The process of getting divorced is trying and challenging for families. Two lives are being disassembled, and if children are involved, that number increases.If you are considering divorce, you have certainly thought about custody of your children, the division of your assets and how matters for the entire family will be handled in the future.
There is enough trepidation surrounding getting a divorce without being wary of the process as well. When Florida couples consider divorce, they often envision a lengthy and costly process filled with arguments, delays and heartache. Using collaborative law to resolve divorce issues is designed to remove that contention in lieu of a more amicable atmosphere.
Was there an issue of infidelity in your marriage? Did one of you make poor financial decisions or lie about the marital assets and other finances? Were there other issues in your marriage that would make it difficult to keep your divorce friendly? If you answered "no" to these questions, then you may be able to have an amicable divorce as many other Florida couples have.
Getting a divorce is challenging enough, but when you have children, it can quickly become even more complex. You may have started out thinking that you and the other parent could work out your own child custody arrangements without any help. Unfortunately, the emotional roller coaster that often comes with a Florida divorce may keep one or both of you from remaining focused on the best interests of the children, or you may have encountered unforeseen complications.
Most Florida residents who are parting ways have numerous questions. They may seek opinions and advice from friends, co-workers or family members who have been through a divorce. However, those residents may need to exercise caution because every situation is different and not all information is reliable no matter how well intentioned the person giving it may be.
When a married couple has a child, Florida law presumes that the husband is the father. That same presumption does not exist when the mother and father are not married. An unmarried father may already know that he needs to establish paternity in order to assert his fathers' rights. However, he may not know that it takes more than validating paternity to object to an adoption of his child.
Your marriage may be over, but you and your soon-to-be former spouse understand that your bond as parents will never change. Your relationship with the other parent may be tenuous right now, but you can both see a future in which you can cooperate and raise your children together despite a Florida divorce. You just need some help in order to reach an agreement. This is where mediation can prove invaluable.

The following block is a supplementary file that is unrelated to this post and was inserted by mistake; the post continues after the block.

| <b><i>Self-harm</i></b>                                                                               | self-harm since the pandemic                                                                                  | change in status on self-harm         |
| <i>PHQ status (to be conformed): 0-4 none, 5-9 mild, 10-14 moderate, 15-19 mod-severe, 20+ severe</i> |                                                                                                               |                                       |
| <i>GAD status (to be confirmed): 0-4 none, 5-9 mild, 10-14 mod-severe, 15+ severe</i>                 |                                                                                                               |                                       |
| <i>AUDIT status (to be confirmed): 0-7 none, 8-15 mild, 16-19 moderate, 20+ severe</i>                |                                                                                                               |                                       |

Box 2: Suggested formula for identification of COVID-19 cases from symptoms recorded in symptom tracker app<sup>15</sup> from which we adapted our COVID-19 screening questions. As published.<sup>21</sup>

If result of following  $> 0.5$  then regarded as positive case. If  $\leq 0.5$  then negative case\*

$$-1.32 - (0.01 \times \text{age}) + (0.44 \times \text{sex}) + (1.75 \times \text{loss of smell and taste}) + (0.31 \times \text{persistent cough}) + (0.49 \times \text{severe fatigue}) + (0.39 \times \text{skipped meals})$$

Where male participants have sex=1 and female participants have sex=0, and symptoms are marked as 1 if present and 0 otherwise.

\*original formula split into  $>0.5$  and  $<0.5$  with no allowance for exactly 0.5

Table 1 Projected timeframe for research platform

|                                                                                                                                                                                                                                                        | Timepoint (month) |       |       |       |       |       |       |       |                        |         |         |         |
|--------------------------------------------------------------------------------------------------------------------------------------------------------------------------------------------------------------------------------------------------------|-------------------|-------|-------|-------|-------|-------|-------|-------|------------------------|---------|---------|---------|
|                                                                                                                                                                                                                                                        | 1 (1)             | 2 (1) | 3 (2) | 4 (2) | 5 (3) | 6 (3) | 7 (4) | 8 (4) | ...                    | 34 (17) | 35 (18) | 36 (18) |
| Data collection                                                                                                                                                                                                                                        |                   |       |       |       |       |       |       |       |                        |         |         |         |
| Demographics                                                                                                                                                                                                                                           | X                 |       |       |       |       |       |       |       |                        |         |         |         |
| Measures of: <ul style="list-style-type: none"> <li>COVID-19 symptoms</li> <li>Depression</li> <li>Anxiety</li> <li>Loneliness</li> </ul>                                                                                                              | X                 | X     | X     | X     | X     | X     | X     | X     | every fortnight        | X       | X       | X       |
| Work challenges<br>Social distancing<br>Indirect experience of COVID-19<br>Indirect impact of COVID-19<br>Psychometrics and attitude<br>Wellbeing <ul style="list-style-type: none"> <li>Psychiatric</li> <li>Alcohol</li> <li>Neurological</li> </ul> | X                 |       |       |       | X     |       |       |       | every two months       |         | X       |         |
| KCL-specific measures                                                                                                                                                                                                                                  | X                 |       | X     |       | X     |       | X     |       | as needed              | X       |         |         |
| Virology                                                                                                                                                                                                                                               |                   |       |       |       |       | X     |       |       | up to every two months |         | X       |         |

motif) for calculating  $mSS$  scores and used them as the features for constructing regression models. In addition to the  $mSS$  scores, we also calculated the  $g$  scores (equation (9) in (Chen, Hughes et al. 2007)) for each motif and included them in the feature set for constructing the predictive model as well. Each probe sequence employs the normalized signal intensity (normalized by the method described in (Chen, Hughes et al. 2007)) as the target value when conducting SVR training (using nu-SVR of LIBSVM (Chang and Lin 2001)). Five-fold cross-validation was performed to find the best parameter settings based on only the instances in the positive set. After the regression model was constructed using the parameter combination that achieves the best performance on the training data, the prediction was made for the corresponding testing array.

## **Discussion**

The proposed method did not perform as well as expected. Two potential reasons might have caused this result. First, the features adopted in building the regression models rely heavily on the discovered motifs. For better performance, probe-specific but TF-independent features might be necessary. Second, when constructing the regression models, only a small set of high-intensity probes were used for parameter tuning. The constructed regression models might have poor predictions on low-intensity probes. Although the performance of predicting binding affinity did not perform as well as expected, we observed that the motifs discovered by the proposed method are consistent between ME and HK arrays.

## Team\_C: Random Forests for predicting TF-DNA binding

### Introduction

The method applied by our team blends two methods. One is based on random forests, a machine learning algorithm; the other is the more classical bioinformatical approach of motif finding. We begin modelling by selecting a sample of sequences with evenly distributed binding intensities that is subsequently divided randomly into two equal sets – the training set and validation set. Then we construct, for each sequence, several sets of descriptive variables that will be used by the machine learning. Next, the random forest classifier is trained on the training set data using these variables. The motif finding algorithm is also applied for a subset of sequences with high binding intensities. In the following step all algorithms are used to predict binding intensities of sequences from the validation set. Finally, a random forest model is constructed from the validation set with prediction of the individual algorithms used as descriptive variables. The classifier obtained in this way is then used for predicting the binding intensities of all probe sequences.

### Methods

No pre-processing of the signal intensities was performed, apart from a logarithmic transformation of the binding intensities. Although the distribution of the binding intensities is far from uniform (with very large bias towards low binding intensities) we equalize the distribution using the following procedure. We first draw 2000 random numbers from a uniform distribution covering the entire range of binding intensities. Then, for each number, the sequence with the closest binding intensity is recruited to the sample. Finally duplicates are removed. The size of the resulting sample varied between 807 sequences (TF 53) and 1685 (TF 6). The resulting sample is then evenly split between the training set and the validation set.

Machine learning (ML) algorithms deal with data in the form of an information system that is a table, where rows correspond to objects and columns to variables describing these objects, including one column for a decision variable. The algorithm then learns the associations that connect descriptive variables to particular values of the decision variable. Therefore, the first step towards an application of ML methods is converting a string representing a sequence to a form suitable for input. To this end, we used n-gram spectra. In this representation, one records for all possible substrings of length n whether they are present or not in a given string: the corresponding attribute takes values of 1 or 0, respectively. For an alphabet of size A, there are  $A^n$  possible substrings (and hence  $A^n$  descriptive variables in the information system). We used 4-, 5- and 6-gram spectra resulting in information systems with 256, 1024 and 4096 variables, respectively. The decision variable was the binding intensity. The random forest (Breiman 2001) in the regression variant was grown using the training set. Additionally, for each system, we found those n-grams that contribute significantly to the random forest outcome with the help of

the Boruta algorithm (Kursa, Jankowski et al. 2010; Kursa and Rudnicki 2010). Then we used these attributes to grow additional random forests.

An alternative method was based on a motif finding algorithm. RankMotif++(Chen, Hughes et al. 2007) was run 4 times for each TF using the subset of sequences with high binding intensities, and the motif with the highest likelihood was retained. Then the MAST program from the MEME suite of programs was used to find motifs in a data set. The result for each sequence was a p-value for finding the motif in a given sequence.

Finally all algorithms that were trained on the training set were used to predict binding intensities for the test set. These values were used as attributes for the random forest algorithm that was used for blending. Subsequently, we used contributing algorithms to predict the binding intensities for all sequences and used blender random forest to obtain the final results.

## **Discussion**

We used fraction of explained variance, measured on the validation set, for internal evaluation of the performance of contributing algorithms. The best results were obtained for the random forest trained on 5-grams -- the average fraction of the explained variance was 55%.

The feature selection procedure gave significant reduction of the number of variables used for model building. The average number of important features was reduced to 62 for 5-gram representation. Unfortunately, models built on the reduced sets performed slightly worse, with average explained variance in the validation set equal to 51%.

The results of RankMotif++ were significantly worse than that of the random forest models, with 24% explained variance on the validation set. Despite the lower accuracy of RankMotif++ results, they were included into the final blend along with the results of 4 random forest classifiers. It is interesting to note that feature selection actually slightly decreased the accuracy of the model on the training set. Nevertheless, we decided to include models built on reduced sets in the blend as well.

Regardless of whether a parent has primary physical custody of a child, he or she typically retains certain rights as long as legal paternity was established through marriage, a paternity action or adoption. Two of those rights address the ability to review medical and school records of the child. A parent may need to enforce parental rights such as these, and protections are encompassed in both federal and Florida law.
Love may be blind, but Florida residents and their partners do not have to be when it comes to financial matters. Even as they plan to spend the rest of their lives with their soon-to-be spouses, it would not hurt to also plan for what may happen if the marriage ends. Many people hesitate to broach the subject of a prenuptial agreement believing that it "kills the romance" or "tempts fate," but in reality, it may actually be the responsible thing to do.
Florida's married parents have numerous legal benefits and rights that unmarried parents do not. Fathers' rights is one of the areas where married fathers have the upper hand. The law presumes that any child born of the marriage is the biological offspring of the husband, which gives him all of the rights and responsibilities of parenthood. This same presumption does not exist when a father is not married to the mother when the child is born.